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It is known that the reliability of psychiatric diagnoses is non-existent https://en.wikipedia.org/wiki/Rosenhan_experiment

Edit: It is ok to downvote if you disagree. But think what it says about you if you are downvoting facts.

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That links to an experiment that -proves- suggests it's possible to game psychiatric diagnosis, not that mental illness doesn't exist.

edit: btw the way, I've been here for like 5 years now and I still don't know what flavor of Markdown is used here.

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Linked from the FAQ at the bottom of the page: https://news.ycombinator.com/formatdoc

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Thanks. So it's sorta like "quarterdown".

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Yes. The experiment proves that we are in astrology stage of development regarding mental illnesses. It doesn't mean that stars or planets do not exist. It just means that astronomy is yet to be born. Psychiatry awaits its Copernicus.

btw, I don't see how could you explain the second part of the experiment where were no fake patients at all as "gaming". If a mere expectation of a fake patient screws the results so much; your methods are garbage. This and other counter-arguments are mentioned on the wiki-page.

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> But think what it says about you if you are downvoting facts.

You posted something from 40 years ago.

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Do you think if the same experiment were to be repeated today; the results would be different?

The link mentions related experiments with similar results as recent as 2008.

Anyway, judging by "The Diagnostic and Statistical Manual of Mental Disorders", Fifth Edition (DSM-5) (2013) there has been no paradigm shift in the last 40 years.

It seems DSM-5 is bad even by psychiatry's own standards. People use phrases like "false 'epidemics'" https://en.wikipedia.org/wiki/DSM-5#Criticism

New DSM-5 Ignores Biology of Mental Illness http://www.scientificamerican.com/article/new-dsm5-ignores-b...

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> Do you think if the same experiment were to be repeated today; the results would be different?

Yes. Big institutions have closed. Smaller hospitals replaced them and most people get treated in the community.

For example: my county has a population of about 600,000 people. About 4,500 people are on the books of the local MH trust at any time. There are only about 150 inpatient beds at any time.

People only go into hospital if they are a danger to themselves or others - hearing a voice that says "empty" or "hollow" or "thud" is not something anyone would be hospitalised for.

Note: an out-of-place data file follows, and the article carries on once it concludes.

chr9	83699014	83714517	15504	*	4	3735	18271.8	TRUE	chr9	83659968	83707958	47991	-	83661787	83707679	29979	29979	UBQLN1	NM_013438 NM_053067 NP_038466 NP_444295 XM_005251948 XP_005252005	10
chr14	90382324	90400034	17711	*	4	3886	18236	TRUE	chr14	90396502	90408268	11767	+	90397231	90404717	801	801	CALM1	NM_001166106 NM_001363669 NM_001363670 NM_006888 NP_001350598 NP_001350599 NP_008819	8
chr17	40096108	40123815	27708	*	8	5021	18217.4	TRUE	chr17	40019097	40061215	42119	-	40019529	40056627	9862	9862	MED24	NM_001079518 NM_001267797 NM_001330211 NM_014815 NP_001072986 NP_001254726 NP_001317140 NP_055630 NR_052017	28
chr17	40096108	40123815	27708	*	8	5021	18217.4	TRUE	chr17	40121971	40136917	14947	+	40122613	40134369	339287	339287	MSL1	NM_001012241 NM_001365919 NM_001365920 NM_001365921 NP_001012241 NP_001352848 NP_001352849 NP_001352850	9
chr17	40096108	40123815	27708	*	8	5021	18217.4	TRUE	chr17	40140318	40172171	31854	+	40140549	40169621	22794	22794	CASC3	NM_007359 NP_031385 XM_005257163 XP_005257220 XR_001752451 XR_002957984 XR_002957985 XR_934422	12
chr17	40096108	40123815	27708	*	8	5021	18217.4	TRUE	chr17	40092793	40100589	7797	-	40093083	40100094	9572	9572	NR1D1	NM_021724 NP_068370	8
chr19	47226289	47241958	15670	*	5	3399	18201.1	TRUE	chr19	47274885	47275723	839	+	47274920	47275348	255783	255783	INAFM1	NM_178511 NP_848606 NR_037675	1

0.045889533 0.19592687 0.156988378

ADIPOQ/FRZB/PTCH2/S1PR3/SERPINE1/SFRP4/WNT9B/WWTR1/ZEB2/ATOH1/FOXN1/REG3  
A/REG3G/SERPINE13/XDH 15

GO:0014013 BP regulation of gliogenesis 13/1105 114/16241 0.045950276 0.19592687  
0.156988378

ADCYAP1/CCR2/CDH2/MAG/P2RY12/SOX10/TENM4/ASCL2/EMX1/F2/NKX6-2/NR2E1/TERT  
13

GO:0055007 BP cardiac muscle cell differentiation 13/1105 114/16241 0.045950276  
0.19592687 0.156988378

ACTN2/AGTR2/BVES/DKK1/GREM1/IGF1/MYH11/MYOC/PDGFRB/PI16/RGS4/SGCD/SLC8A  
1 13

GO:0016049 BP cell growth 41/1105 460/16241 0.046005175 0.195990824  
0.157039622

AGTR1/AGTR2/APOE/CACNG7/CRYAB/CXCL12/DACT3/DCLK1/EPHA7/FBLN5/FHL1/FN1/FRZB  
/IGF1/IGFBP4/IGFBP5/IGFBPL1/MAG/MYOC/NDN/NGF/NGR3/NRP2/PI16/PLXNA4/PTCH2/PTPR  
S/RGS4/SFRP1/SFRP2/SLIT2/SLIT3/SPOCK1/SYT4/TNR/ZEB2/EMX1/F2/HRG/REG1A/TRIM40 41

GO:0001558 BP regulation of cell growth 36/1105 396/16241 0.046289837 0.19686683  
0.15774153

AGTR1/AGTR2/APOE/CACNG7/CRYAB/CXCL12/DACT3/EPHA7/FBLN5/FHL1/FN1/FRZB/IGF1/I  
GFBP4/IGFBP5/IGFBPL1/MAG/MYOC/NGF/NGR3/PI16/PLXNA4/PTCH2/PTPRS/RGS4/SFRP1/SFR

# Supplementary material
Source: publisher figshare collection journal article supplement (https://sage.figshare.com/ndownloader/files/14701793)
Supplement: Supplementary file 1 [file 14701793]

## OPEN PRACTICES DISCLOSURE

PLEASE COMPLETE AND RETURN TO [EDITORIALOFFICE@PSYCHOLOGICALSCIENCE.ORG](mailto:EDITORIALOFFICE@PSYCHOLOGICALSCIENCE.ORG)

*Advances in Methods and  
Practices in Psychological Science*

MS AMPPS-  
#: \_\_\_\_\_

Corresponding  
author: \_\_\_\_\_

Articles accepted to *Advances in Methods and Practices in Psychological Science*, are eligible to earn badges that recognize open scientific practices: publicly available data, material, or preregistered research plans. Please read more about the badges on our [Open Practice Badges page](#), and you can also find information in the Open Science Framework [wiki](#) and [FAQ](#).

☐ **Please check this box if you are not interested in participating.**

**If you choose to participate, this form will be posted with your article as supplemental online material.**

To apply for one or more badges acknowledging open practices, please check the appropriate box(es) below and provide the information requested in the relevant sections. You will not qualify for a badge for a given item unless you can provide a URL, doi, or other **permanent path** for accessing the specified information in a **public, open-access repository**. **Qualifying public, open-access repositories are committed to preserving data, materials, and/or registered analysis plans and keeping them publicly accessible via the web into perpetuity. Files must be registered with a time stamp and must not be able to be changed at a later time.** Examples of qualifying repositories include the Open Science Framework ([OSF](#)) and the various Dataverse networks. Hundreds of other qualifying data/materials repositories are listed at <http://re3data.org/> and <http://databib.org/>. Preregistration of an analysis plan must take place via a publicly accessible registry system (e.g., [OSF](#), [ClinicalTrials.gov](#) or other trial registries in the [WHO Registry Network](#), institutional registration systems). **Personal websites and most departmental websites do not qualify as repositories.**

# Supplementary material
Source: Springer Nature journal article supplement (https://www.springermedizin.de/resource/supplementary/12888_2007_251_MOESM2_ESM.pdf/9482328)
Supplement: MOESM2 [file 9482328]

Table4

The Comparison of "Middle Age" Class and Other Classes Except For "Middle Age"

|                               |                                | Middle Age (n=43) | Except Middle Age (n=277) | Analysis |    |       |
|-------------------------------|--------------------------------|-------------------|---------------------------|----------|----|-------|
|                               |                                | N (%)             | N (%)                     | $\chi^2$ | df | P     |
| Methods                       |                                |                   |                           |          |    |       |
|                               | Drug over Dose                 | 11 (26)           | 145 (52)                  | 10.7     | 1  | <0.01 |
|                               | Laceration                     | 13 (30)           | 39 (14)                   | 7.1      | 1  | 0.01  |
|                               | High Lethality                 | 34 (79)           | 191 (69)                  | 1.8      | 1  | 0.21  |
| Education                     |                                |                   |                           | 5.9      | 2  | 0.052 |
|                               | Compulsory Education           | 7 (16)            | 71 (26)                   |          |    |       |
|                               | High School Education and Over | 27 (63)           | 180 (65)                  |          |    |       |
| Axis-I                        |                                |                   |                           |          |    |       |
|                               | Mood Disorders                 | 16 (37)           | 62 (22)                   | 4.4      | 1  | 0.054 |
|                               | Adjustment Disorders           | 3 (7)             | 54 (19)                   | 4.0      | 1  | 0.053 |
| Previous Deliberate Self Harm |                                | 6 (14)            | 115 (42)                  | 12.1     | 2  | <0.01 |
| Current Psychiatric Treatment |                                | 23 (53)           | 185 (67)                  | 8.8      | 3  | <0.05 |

To get a diagnosis of schizophrenia you have to match the symptoms over a six month period and be assessed by the same doctor during that time. one of the benefits of the DSM / ICD is that doctors now use a set of standards when diagnosing mental illness.

The paper suggests that this is only a problem with psychiatry. This is something you hear from lot of people. "No test exists to diagnose a psychiatric illness, thus psychiatry is a sham. Look, I can get diagnosed if I lie to doctors!" This ignores the fact that there are a bunch of physical-health diseases you can get diagnosed with if you lie to doctors, but we don't call those a sham. Your link even talks about that:

> Many defended psychiatry, arguing that as psychiatric diagnosis relies largely on the patient's report of their experiences, faking their presence no more demonstrates problems with psychiatric diagnosis than lying about other medical symptoms. In this vein, psychiatrist Robert Spitzer quoted Kety in a 1975 criticism of Rosenhan's study :[5]

>If I were to drink a quart of blood and, concealing what I had done, come to the emergency room of any hospital vomiting blood, the behavior of the staff would be quite predictable. If they labeled and treated me as having a bleeding peptic ulcer, I doubt that I could argue convincingly that medical science does not know how to diagnose that condition.

Your link mentions RD Laing in the lead. RD Laing is now thoroughly discredited. (Although he did have some interesting ideas). You should read some of his books.

> Many defended psychiatry, arguing that as psychiatric diagnosis relies largely on the patient's report of their experiences, faking their presence no more demonstrates problems with psychiatric diagnosis than lying about other medical symptoms. In this vein, psychiatrist Robert Spitzer quoted Kety in a 1975 criticism of Rosenhan's study :[5] If I were to drink a quart of blood and, concealing what I had done, come to the emergency room of any hospital vomiting blood, the behavior of the staff would be quite predictable. If they labeled and treated me as having a bleeding peptic ulcer, I doubt that I could argue convincingly that medical science does not know how to diagnose that condition.

> The link mentions related experiments with similar results as recent as 2008

No it does not.

There's a probable hoax from someone who can't provide any evidence, from 2004; and a totally different "experiment" (tv show) from 2008 where doctors were not allowed to interact with patients. You'd get similar results if the patients had physical health ailments.

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How does the closing of big institutions improve the scientific rigor of a psychiatric diagnosis?